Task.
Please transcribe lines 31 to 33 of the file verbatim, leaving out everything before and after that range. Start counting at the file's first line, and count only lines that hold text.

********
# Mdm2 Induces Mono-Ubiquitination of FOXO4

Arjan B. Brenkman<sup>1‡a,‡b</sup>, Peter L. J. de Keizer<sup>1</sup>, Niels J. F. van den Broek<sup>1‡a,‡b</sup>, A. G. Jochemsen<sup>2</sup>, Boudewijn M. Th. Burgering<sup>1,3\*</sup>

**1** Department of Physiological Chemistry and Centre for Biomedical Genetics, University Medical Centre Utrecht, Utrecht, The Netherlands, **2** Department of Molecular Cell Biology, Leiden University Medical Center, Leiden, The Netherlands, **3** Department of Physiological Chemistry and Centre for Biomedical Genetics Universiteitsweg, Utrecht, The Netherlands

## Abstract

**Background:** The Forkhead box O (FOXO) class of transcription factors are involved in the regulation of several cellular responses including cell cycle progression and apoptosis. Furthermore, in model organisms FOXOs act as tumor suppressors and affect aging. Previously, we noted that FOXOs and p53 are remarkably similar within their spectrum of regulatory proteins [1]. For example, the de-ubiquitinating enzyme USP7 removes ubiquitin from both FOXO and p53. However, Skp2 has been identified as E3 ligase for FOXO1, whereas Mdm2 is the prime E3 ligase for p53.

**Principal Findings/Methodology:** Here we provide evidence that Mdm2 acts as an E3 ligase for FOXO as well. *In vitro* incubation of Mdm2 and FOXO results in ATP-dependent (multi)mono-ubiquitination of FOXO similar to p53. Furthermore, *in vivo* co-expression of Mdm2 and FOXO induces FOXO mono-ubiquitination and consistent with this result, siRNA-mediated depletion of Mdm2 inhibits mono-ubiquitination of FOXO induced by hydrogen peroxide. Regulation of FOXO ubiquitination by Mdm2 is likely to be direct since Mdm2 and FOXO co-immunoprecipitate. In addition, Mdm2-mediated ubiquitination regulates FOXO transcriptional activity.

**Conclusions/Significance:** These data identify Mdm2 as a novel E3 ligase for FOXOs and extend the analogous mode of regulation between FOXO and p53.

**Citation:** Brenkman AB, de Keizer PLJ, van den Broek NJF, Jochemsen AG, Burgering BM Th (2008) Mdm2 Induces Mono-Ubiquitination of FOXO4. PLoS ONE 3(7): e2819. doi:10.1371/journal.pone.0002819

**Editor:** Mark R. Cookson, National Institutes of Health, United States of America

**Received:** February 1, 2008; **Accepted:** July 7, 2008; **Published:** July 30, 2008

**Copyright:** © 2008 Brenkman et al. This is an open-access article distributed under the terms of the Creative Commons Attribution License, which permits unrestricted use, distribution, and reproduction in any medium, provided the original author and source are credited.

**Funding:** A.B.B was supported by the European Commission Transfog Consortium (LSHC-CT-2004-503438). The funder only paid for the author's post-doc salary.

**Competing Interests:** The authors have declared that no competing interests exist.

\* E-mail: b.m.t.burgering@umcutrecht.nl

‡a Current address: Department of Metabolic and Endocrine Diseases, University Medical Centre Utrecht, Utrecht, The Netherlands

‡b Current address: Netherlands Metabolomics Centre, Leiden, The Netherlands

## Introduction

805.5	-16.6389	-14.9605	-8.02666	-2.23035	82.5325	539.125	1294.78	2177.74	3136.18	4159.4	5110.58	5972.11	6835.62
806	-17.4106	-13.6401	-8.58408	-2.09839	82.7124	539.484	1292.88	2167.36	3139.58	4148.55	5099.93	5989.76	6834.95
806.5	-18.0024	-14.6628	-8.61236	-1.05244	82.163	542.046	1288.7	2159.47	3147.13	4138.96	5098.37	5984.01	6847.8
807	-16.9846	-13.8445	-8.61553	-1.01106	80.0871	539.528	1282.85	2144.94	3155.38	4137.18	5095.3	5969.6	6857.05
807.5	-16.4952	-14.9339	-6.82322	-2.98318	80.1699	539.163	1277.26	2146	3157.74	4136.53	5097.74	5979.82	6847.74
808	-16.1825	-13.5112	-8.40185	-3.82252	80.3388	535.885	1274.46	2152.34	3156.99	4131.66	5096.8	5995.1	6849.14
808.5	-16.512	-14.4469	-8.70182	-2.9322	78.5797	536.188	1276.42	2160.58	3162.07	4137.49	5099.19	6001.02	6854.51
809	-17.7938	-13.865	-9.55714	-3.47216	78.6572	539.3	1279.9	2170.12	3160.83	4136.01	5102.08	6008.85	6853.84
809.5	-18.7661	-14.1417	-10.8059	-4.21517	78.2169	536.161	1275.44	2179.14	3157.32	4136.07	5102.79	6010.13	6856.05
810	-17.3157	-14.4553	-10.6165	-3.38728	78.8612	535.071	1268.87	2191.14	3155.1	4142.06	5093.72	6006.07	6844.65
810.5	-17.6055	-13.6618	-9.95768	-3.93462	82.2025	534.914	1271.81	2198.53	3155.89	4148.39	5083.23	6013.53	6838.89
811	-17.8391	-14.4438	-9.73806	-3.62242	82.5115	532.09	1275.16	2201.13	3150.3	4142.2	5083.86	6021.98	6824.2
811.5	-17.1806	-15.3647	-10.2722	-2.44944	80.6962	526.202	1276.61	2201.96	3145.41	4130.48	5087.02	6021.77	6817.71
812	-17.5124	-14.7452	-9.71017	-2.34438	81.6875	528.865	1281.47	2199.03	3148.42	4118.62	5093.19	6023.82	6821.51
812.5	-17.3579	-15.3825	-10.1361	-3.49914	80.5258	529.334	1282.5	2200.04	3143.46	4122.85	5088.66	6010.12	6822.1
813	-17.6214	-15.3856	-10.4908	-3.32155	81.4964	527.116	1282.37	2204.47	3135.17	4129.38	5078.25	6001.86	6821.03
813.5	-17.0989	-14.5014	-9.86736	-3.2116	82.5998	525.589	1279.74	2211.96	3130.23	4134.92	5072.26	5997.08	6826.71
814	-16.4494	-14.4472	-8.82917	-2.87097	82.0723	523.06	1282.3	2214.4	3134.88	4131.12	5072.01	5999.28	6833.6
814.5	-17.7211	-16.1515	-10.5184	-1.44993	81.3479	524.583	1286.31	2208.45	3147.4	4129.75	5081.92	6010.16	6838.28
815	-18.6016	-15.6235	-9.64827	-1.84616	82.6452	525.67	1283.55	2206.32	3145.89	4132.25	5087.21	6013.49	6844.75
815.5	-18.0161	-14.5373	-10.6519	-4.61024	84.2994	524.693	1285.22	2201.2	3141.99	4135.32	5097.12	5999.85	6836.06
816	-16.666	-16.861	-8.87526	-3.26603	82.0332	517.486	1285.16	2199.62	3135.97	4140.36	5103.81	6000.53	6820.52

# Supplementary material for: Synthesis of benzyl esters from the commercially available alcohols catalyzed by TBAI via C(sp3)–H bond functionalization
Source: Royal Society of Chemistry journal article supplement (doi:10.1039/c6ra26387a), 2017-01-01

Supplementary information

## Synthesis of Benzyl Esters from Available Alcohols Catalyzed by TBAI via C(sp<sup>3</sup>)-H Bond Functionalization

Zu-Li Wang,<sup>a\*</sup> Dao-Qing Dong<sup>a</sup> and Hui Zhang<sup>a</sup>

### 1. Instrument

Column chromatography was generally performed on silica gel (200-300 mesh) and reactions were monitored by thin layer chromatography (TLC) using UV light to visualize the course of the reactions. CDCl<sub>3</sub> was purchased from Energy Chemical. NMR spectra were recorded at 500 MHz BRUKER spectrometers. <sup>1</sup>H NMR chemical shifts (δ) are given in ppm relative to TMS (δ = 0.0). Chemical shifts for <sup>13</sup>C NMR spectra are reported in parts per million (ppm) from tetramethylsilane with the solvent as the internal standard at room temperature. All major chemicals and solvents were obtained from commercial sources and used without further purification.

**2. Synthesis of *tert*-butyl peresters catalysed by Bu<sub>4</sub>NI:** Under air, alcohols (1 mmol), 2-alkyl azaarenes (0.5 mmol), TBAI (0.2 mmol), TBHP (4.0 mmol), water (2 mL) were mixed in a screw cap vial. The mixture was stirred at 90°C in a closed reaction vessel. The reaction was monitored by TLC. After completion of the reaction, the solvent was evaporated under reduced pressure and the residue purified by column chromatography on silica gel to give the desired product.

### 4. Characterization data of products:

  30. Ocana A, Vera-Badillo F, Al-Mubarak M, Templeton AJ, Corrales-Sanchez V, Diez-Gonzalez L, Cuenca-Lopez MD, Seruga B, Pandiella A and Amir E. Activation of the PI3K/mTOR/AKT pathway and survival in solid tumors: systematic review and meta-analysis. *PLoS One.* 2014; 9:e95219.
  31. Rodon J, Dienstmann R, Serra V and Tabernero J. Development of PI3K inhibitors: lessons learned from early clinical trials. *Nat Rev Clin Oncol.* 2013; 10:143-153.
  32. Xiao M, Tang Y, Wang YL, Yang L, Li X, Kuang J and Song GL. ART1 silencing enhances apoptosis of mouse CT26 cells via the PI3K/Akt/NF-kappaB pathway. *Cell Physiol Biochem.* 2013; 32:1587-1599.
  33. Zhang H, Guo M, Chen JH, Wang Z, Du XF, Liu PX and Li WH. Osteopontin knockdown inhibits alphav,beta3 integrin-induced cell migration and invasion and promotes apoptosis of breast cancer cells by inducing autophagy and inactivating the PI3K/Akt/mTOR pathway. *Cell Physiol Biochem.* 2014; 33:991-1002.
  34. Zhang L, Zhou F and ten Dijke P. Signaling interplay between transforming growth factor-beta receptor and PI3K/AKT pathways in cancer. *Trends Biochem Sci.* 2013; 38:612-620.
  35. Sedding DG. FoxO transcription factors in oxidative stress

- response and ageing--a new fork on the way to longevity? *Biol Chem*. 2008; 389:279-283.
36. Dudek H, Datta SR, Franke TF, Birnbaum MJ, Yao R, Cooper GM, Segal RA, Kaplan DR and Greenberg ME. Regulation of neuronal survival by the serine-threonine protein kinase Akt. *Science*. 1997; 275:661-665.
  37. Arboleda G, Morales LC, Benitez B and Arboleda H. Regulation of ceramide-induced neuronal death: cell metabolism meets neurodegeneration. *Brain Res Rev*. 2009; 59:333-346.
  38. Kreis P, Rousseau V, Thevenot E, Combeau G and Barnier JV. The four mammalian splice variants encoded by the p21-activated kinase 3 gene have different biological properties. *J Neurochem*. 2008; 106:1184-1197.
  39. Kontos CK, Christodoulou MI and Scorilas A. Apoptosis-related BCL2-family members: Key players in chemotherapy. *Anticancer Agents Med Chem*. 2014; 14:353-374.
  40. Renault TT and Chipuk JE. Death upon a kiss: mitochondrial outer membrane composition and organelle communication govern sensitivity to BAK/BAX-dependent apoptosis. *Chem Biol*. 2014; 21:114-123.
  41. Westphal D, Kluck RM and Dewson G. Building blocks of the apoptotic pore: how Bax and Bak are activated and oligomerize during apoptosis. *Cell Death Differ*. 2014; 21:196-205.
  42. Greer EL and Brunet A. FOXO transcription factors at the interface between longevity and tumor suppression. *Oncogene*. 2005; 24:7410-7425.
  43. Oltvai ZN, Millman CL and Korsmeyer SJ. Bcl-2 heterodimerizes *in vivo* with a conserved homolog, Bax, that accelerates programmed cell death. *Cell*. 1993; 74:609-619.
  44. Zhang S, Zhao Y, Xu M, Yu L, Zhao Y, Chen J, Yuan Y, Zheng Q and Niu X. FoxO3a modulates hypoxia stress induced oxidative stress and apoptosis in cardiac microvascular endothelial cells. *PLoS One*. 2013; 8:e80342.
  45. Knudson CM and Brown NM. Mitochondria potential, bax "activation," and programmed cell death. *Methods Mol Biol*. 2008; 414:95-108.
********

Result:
812	-17.5124	-14.7452	-9.71017	-2.34438	81.6875	528.865	1281.47	2199.03	3148.42	4118.62	5093.19	6023.82	6821.51
812.5	-17.3579	-15.3825	-10.1361	-3.49914	80.5258	529.334	1282.5	2200.04	3143.46	4122.85	5088.66	6010.12	6822.1
813	-17.6214	-15.3856	-10.4908	-3.32155	81.4964	527.116	1282.37	2204.47	3135.17	4129.38	5078.25	6001.86	6821.03